Making Peace With Your Pain

Richard Exley

What a thought! I could learn from this tragic experience. It need not destroy me. This pain, this awful, unrelenting pain, could be made an ally.

teachingdanceWell it has been said, "...man is born to trouble as surely as sparks fly upward" (Job 5:7). No matter how hard we try, no matter how much faith we have, in this life we are going to have to deal with adversity. Sooner or later trouble comes to us all.

For some of us it is nothing more serious than a broken relationship, or a business deal that goes bad, or a stint of unemployment. Others experience trouble of a more grievous nature. A mother loses her children or at least it seems that way to her. Her firstborn, a son, ends up in prison and her daughter is living with a lesbian lover. A wife discovers that her "Christian" husband is an abuser. Now she lives in terror, fearing for her safety and the safety of her children. A young husband and father learns that his wife has only a few weeks to live. As the Doctor walks away he is left reeling, wondering how he will cope. Something inside of him screams, "Why God, why?"

Faced with life's inevitable tragedies we have three choices. We can curse life for doing this to us and look for some way to express our grief and rage. Or we can grit our teeth and endure it. Or we can accept it. The first alternative is useless. The second is sterile and exhausting. The third is the only way.

Acceptance.

Not resignation, which gives up and says, "Whatever will be will be." But acceptance, which believes for a miracle even as it accepts the harsh reality of the present difficulty. Acceptance does not demand a predetermined conclusion; rather it leaves the nature of the miracle to the wisdom of God. It may come in the form of divine intervention in the circumstances of life. Or it may come as a miracle in our spirit, enabling us to make peace with our pain, to see it as an ally rather than an enemy.

Several years ago I went through a very difficult period in my professional life, partially of my own making. I experienced all the accompanying emotions - anger, regret, loss, shame and a host I couldn't even identify.

After weeks of morbid introspection and self-flagellation I finally came to grips with myself. With real determination I turned my attention toward the future. I made up my mind that I wasn't going to live the rest of my life imprisoned by that painful experience. I would learn from it, to be sure, and I would do my best to never make the same mistakes again, but there was nothing to be gained by continually berating myself. Regret was a luxury I could not long afford.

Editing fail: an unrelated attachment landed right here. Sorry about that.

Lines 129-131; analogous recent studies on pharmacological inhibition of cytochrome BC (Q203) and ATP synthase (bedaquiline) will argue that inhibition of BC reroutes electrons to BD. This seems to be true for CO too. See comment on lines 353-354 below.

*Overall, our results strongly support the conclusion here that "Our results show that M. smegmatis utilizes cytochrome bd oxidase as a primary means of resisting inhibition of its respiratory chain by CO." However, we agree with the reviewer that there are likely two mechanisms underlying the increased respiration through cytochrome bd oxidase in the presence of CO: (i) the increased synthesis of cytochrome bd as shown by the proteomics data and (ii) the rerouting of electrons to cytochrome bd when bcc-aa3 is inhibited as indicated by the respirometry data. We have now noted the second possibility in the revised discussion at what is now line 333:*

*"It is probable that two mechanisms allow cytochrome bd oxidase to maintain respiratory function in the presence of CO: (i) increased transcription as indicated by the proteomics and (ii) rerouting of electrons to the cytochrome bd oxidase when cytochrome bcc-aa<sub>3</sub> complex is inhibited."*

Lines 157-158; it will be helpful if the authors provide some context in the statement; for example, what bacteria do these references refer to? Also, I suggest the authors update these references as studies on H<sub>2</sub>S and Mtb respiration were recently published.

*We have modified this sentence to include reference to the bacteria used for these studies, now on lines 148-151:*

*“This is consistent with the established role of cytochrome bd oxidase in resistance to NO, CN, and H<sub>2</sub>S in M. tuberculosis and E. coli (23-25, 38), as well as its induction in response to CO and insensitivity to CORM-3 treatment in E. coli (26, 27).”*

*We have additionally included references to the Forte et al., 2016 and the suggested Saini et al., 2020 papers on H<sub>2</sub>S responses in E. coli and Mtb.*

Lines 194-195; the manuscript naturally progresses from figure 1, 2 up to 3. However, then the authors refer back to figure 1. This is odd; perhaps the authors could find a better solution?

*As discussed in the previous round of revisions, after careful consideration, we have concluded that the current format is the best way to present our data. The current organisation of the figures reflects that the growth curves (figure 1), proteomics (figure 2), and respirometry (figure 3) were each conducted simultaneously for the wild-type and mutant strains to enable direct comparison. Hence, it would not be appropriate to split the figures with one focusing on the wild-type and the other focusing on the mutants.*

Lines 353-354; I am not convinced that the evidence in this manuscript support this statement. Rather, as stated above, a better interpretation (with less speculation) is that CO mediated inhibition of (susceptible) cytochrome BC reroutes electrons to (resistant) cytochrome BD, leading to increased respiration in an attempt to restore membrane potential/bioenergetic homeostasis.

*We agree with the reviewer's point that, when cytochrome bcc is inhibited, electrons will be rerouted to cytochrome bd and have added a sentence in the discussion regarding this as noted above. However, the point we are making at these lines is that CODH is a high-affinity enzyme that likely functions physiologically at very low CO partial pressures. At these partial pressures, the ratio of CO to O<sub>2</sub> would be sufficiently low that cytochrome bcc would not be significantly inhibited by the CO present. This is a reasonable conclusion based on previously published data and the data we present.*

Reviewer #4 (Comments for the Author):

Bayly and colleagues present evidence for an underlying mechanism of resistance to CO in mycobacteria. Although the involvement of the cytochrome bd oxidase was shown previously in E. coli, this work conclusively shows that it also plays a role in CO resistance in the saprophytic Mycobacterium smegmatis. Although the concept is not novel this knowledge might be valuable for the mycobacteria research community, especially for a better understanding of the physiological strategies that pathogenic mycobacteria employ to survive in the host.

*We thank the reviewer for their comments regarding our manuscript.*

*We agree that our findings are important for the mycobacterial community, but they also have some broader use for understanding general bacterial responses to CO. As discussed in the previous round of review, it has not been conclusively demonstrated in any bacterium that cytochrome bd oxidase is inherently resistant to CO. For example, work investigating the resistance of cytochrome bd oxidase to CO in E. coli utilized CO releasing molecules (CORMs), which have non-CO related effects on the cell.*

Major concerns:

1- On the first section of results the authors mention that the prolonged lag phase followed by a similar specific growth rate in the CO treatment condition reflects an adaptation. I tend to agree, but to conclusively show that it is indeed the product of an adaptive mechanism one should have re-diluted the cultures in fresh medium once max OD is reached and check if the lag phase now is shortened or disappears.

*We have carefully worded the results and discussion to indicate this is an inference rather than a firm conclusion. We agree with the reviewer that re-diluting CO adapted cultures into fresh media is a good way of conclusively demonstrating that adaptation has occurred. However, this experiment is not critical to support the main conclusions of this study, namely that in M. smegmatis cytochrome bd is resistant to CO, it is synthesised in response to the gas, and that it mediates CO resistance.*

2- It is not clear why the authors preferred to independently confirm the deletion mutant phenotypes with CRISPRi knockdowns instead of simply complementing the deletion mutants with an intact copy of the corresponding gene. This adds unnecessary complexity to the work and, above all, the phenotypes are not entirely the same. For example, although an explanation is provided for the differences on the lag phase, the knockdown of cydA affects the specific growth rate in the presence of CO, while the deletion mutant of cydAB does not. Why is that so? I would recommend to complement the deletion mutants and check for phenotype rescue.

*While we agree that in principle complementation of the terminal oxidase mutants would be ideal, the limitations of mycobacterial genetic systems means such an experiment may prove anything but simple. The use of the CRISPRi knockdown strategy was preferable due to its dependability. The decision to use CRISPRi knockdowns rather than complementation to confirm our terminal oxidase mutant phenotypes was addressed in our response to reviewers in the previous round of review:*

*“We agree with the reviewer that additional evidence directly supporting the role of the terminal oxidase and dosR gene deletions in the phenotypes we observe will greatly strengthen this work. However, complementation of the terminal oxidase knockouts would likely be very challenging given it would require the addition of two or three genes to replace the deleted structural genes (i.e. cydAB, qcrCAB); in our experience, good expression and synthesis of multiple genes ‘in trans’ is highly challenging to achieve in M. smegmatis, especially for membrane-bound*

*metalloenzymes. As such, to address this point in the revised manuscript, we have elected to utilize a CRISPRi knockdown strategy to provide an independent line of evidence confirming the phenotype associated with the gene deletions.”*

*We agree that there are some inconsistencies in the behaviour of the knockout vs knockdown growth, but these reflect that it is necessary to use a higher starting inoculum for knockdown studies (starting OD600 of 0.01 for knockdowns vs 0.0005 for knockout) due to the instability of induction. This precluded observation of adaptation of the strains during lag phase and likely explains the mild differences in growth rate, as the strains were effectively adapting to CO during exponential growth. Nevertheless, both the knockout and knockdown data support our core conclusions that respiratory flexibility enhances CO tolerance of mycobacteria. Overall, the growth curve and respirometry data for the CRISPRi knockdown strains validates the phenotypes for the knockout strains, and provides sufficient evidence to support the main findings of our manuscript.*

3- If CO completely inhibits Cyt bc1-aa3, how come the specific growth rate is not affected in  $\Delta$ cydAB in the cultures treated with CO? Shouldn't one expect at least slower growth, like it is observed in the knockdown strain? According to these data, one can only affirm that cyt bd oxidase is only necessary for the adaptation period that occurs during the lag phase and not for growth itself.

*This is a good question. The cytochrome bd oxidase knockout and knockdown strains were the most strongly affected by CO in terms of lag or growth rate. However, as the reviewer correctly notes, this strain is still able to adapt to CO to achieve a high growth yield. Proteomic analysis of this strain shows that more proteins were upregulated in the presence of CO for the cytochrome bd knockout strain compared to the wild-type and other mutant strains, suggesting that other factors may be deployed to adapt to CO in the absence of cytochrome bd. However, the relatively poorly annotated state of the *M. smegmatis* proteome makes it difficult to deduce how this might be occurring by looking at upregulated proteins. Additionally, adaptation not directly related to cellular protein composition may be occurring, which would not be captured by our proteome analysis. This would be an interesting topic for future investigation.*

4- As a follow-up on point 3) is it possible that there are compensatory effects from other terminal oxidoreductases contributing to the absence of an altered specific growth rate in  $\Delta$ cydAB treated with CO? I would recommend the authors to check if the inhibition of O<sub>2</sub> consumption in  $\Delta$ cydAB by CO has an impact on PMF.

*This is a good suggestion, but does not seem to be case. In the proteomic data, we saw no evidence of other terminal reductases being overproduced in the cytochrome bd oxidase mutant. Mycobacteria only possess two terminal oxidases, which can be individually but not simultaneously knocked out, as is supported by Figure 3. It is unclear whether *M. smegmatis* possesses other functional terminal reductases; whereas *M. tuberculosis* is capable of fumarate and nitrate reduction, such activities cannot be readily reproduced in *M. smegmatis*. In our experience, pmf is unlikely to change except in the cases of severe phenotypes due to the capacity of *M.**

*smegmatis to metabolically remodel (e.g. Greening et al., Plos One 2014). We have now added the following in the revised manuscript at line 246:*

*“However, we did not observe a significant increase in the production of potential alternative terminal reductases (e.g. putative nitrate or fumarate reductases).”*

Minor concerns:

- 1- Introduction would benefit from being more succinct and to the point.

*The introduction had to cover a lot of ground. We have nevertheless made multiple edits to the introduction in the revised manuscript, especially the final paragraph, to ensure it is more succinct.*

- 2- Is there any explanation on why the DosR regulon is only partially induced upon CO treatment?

As I focused on the future I thought of the advice T.J. Watson, the president of IBM, once gave a struggling writer. He told him, "You're making a common mistake. You're thinking of failure as the enemy of success. But it isn't that at all. Failure is a teacher - a harsh one, perhaps, but the best. You say you have a desk full of rejected manuscripts? That's great! Every one of those manuscripts was rejected for a reason. Have you pulled them to pieces looking for that reason? That's what I have to do when an idea backfires or a sales program fails. You've got to put failure to work for you. You can be discouraged by failure - or you can learn from it."

How had he put it? "Failure is a teacher -- a harsh one, perhaps, but the best."Failure is the best teacher

Not an enemy but a teacher. "You can be discouraged by failure," he had said, "or you can learn form it."

What a thought! I could learn from this tragic experience. It need not destroy me. This pain, this awful, unrelenting pain, could be made an ally. Yes she was a harsh teacher, but her very harshness sensitized me to lessons I might otherwise have never learned.

With great tenderness I embraced my pain, invited it in, made peace with it. It did not go away then, or for a long time thereafter, but at least it was no longer pointless. Now it had a purpose and that made it somehow bearable. I resolved that I would not waste that failure. It had cost me dearly and I was determined to learn everything I could from it.

Carefully I examined the entire episode. Step by step I went over it, beginning with the initial idea and working toward its tragic end. I catalogued my mistakes, then I dissected them looking for erroneous logic, improper motives, inaccurate conclusions, even relational failures. And I found them too. They were there where I never thought they would be. This too was painful, for I was seeing myself as I had never seen me before, but I strengthened myself with the knowledge that God was redeeming my failures. He would use each painful lesson to make me a more effective minister, a more compassionate person.

As I think about that whole experience now, twenty years later, I realize, as painful as it was, that it was an invaluable learning experience. God did not cause that failure, nor did He will it, that was my own doing and I will take full responsibility for it, but He truly used it.

Maybe you are in the midst of a painfully difficult situation right now. Maybe fear and anger have pushed you to the point of despair. Maybe you're ready to give up.

Don't!

Instead make peace with your pain. Learn from it. Ask God to use it to make you into the person He has called you to be.

He has not forsaken you. He still has plans for your life - "...plans to prosper you and not to harm you, plans to give you hope and a future" (Jer. 29:11).

 

This is Richard Exley straight from the heart.

Richard Exley Ministry
PO Box 54744
Tulsa, OK 74155
(918) 459-5434
www.richardexleyministries.org

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